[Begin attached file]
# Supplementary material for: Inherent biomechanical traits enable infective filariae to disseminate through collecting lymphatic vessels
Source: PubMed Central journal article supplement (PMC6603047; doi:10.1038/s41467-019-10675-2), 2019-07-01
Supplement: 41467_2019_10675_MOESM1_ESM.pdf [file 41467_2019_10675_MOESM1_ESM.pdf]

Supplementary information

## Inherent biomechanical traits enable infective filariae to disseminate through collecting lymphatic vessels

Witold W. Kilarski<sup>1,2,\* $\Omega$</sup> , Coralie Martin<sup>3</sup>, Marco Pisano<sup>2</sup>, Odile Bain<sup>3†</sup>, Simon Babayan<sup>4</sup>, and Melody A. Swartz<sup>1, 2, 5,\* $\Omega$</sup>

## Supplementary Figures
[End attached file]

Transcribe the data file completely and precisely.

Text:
# Supplementary material for: Inherent biomechanical traits enable infective filariae to disseminate through collecting lymphatic vessels
Source: PubMed Central journal article supplement (PMC6603047; doi:10.1038/s41467-019-10675-2), 2019-07-01
Supplement: 41467_2019_10675_MOESM1_ESM.pdf [file 41467_2019_10675_MOESM1_ESM.pdf]

Supplementary information

## Inherent biomechanical traits enable infective filariae to disseminate through collecting lymphatic vessels

Witold W. Kilarski<sup>1,2,\* $\Omega$</sup> , Coralie Martin<sup>3</sup>, Marco Pisano<sup>2</sup>, Odile Bain<sup>3†</sup>, Simon Babayan<sup>4</sup>, and Melody A. Swartz<sup>1, 2, 5,\* $\Omega$</sup>

## Supplementary Figures